WSJ Economists' GDP Forecasts versus the Fed
Now that Cyprus is on the back burner, at least for the time being, the big news today was the publication of the FOMC minutes along with the Fed's three-year economic projections (2013-2015). Actually, these projections date from the meeting of the Federal Open Market Committee on December 11-12, 2012. In other words, like a lot of government data, they're a bit stale by the time of publication. However, these are slow-moving data series, so time is not exactly of the essence.
Below is a snapshot of a table from the Fed's website. It includes forecasts for GDP, Unemployment and Headline and Core PCE Inflation. But for now, we'll just focus on GDP.
Earlier this month the Wall Street Journal did its monthly survey of economists on a variety of economic metrics, including of course GDP. Fifty of the 52 economists solicited participated. Here is a look at the range of forecasts for Q1 2013 GDP. I've also highlighted the range of Fed forecasts. I've calculated the median (middle), mean (average) and mode (most frequent). Interestingly enough there were two modes for 2013 GDP on either side of the average.
Here is the same chart with the 2014 predictions and Fed range. Again we have two modes straddling the average, which, at 2.86%, is about half a percent higher than for 2013.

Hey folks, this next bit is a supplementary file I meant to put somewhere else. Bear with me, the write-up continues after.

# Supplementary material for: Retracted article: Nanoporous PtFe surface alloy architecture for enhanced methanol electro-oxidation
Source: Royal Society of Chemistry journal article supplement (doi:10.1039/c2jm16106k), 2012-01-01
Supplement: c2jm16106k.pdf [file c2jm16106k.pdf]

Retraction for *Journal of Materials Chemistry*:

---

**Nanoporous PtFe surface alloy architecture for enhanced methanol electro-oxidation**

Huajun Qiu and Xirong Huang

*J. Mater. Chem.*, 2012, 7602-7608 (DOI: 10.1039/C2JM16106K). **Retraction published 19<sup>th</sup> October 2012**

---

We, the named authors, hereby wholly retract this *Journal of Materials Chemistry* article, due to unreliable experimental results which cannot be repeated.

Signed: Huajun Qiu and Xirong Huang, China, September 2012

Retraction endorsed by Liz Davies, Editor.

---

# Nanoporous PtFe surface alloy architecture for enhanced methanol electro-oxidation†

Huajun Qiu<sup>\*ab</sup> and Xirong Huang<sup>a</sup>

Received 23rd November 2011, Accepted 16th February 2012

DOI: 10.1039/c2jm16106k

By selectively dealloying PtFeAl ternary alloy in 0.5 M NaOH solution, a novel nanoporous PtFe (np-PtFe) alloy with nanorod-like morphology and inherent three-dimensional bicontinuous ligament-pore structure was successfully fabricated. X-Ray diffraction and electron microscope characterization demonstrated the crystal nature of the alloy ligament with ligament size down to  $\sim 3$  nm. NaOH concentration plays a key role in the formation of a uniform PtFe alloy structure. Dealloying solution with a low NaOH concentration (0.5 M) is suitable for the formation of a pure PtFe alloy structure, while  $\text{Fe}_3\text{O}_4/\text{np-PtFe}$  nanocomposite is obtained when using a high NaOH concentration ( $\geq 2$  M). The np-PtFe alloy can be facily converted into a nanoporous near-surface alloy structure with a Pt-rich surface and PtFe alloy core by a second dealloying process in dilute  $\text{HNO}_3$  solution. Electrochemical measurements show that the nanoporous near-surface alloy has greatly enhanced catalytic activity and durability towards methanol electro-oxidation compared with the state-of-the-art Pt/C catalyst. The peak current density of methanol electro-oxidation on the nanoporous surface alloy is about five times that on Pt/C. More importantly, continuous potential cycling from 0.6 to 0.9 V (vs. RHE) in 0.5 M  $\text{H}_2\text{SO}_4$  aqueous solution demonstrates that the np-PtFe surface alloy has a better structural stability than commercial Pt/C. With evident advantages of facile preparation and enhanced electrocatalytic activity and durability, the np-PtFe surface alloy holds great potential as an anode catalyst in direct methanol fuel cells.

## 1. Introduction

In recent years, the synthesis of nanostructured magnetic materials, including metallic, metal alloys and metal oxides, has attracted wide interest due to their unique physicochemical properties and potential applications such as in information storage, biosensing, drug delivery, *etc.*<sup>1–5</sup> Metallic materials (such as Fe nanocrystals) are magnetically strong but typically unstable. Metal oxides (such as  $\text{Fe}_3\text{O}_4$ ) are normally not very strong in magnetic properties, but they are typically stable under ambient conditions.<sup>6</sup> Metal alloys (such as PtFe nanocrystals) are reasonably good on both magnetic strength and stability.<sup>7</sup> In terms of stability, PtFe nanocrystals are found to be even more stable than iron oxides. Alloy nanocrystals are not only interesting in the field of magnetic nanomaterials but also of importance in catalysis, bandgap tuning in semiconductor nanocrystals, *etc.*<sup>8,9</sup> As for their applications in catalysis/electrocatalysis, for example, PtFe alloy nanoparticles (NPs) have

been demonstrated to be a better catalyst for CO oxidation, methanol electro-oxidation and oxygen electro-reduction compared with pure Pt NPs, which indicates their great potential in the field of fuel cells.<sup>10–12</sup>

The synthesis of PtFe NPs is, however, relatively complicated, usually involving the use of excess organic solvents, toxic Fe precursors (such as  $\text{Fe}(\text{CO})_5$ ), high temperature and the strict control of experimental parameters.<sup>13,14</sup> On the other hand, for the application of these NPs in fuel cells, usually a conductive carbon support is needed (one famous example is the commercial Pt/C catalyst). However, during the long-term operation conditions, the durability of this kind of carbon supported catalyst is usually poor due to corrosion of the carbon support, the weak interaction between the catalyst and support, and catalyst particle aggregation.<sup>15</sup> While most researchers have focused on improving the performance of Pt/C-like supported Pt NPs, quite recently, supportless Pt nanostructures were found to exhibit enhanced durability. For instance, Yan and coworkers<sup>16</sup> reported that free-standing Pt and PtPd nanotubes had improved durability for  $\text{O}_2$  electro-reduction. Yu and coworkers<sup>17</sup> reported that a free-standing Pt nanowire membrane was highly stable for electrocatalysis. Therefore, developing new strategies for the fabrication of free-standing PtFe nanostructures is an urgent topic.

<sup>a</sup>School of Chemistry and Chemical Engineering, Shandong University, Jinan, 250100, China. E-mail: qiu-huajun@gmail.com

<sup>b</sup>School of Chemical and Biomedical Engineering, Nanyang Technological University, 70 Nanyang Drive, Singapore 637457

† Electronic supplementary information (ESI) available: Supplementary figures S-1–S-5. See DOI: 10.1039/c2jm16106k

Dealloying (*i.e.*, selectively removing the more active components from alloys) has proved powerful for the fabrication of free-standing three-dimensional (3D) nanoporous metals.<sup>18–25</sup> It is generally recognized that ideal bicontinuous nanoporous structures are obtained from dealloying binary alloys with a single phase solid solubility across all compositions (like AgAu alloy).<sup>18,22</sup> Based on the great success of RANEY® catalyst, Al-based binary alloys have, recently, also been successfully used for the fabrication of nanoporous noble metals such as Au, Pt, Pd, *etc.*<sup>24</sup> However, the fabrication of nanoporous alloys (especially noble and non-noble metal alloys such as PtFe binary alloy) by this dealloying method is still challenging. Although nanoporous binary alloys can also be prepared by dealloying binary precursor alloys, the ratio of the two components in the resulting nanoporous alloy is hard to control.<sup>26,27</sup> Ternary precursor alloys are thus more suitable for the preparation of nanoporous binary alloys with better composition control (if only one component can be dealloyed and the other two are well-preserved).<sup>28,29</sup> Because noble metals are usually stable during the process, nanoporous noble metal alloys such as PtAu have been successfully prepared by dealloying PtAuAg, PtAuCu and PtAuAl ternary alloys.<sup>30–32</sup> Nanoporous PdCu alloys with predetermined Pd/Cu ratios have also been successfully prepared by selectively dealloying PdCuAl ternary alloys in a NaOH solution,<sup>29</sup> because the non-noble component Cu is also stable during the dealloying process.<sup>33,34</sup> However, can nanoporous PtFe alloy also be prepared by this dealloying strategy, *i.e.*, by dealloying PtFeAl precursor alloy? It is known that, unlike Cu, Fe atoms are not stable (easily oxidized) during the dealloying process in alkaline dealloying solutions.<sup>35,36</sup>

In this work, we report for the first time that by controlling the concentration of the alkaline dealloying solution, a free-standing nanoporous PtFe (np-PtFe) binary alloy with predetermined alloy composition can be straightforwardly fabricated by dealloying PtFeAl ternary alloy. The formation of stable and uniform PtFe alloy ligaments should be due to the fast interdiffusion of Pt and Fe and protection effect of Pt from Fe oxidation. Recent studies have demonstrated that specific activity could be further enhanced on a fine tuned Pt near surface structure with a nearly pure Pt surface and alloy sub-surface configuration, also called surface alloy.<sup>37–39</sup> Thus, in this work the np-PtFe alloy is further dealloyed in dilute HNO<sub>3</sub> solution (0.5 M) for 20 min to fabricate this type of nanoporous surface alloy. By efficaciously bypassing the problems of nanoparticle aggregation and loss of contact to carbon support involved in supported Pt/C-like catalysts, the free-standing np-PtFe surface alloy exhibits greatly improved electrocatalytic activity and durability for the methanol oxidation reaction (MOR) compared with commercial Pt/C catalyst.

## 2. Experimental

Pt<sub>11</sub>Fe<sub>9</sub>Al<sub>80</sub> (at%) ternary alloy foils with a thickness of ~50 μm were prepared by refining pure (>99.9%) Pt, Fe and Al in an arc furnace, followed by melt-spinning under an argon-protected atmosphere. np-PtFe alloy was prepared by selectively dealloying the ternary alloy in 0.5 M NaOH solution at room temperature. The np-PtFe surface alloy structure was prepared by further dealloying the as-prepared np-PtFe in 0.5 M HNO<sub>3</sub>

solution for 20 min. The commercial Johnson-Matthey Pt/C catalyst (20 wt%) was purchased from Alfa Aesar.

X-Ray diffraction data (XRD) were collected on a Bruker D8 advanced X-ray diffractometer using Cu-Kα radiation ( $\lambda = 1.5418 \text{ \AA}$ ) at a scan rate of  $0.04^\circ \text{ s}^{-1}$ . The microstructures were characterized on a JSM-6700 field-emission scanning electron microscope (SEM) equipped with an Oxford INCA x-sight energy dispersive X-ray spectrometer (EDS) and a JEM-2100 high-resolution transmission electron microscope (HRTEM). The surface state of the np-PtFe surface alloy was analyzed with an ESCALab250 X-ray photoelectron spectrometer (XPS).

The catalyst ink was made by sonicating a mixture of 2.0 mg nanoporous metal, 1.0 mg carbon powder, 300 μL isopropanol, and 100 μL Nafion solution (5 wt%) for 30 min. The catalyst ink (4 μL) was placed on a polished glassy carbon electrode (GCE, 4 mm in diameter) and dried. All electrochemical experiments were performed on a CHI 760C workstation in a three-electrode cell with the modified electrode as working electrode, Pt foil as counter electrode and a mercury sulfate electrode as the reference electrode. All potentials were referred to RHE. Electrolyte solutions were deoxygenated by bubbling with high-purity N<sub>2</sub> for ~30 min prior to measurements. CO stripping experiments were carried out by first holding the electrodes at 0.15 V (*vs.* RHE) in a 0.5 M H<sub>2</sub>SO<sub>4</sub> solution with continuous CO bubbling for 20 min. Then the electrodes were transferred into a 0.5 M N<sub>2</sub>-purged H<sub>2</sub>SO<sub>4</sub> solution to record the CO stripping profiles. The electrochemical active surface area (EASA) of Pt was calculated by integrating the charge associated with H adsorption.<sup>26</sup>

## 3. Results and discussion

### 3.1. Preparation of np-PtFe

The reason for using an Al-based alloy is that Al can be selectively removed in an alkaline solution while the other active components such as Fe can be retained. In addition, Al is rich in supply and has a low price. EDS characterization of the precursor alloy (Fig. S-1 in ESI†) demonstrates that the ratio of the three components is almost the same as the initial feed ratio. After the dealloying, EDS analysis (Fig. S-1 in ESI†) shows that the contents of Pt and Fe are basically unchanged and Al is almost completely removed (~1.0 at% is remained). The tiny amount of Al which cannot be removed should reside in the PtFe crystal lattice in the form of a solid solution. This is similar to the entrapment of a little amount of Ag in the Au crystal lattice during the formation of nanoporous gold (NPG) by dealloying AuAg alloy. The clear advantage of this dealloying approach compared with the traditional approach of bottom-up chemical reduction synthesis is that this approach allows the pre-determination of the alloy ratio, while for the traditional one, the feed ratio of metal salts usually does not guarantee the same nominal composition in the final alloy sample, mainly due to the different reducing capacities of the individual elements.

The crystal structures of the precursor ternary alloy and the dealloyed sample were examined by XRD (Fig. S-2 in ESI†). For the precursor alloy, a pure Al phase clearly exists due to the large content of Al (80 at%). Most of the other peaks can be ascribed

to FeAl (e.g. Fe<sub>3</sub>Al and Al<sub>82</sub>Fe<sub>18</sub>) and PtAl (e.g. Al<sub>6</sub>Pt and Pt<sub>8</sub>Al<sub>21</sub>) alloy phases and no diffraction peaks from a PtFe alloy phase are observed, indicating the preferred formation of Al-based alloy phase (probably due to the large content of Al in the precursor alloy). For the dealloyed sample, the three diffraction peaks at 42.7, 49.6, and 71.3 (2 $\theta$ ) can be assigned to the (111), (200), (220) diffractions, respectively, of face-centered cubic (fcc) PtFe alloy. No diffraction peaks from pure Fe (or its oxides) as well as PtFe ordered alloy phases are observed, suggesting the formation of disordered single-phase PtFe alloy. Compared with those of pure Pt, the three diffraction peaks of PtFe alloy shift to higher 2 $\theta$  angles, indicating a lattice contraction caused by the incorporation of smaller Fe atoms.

Ten fewer economists were willing to make forecasts as far out as 2015 (had I been solicited, I'd certainly have been one of the missing). Not surprisingly for this shot in the dark, the median, average and mode are an identical 3.0%.
But, first things first. At the end of next month we'll get the advance estimate for Q1 2013 GDP. And before that we'll get the third estimate for Q4 2012 GDP, which came in at -0.1% and 0.1%, respectively, in the first two estimates. The Fed doesn't bother with forecasts of quarterly GDP, but the WSJ economists definitely see an improvement for Q1 of this year.
Hurricane Sandy is behind us, the Fiscal Cliff turned out to be a minor bump and sequestration hasn't torpedoed the economy (at least not yet). In the final chart above, the median and mode are both at 2.0%, and the average is a tad higher, which confirms what our eyes tell us -- that the economists are a bit skewed toward the upside in their expectations for the first quarter.